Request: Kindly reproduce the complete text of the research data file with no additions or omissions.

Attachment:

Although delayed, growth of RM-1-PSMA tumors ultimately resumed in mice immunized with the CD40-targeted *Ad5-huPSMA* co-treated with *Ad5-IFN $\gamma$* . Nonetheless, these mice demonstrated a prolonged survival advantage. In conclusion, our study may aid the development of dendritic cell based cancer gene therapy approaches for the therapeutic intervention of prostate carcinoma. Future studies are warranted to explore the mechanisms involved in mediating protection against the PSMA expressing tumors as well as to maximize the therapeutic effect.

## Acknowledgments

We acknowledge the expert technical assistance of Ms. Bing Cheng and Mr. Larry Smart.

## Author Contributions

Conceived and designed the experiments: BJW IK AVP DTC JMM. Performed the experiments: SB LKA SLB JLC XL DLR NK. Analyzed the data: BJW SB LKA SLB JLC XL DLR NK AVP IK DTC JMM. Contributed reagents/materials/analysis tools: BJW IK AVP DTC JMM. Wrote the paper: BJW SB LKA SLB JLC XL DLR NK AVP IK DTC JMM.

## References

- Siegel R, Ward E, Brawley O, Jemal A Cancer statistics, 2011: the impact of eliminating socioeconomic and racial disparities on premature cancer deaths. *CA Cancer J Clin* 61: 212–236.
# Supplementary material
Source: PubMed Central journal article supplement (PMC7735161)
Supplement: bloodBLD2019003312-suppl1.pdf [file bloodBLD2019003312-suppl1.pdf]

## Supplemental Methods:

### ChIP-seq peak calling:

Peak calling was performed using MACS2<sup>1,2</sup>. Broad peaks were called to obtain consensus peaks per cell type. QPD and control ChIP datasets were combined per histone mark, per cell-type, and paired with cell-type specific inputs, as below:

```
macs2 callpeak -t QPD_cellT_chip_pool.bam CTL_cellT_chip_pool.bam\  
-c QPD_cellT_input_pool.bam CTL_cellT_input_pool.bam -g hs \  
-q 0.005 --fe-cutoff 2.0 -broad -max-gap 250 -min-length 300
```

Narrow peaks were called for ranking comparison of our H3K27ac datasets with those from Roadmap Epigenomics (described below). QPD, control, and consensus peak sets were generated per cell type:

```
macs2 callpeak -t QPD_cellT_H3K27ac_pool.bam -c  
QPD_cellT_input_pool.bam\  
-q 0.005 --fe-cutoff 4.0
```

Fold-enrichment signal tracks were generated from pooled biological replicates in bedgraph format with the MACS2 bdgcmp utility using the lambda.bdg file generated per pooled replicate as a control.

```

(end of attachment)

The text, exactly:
Although delayed, growth of RM-1-PSMA tumors ultimately resumed in mice immunized with the CD40-targeted *Ad5-huPSMA* co-treated with *Ad5-IFN $\gamma$* . Nonetheless, these mice demonstrated a prolonged survival advantage. In conclusion, our study may aid the development of dendritic cell based cancer gene therapy approaches for the therapeutic intervention of prostate carcinoma. Future studies are warranted to explore the mechanisms involved in mediating protection against the PSMA expressing tumors as well as to maximize the therapeutic effect.

## Acknowledgments

We acknowledge the expert technical assistance of Ms. Bing Cheng and Mr. Larry Smart.

## Author Contributions

Conceived and designed the experiments: BJW IK AVP DTC JMM. Performed the experiments: SB LKA SLB JLC XL DLR NK. Analyzed the data: BJW SB LKA SLB JLC XL DLR NK AVP IK DTC JMM. Contributed reagents/materials/analysis tools: BJW IK AVP DTC JMM. Wrote the paper: BJW SB LKA SLB JLC XL DLR NK AVP IK DTC JMM.

## References

- Siegel R, Ward E, Brawley O, Jemal A Cancer statistics, 2011: the impact of eliminating socioeconomic and racial disparities on premature cancer deaths. *CA Cancer J Clin* 61: 212–236.
# Supplementary material
Source: PubMed Central journal article supplement (PMC7735161)
Supplement: bloodBLD2019003312-suppl1.pdf [file bloodBLD2019003312-suppl1.pdf]

## Supplemental Methods:

### ChIP-seq peak calling:

Peak calling was performed using MACS2<sup>1,2</sup>. Broad peaks were called to obtain consensus peaks per cell type. QPD and control ChIP datasets were combined per histone mark, per cell-type, and paired with cell-type specific inputs, as below:

```
macs2 callpeak -t QPD_cellT_chip_pool.bam CTL_cellT_chip_pool.bam\  
-c QPD_cellT_input_pool.bam CTL_cellT_input_pool.bam -g hs \  
-q 0.005 --fe-cutoff 2.0 -broad -max-gap 250 -min-length 300
```

Narrow peaks were called for ranking comparison of our H3K27ac datasets with those from Roadmap Epigenomics (described below). QPD, control, and consensus peak sets were generated per cell type:

```
macs2 callpeak -t QPD_cellT_H3K27ac_pool.bam -c  
QPD_cellT_input_pool.bam\  
-q 0.005 --fe-cutoff 4.0
```

Fold-enrichment signal tracks were generated from pooled biological replicates in bedgraph format with the MACS2 bdgcmp utility using the lambda.bdg file generated per pooled replicate as a control.

```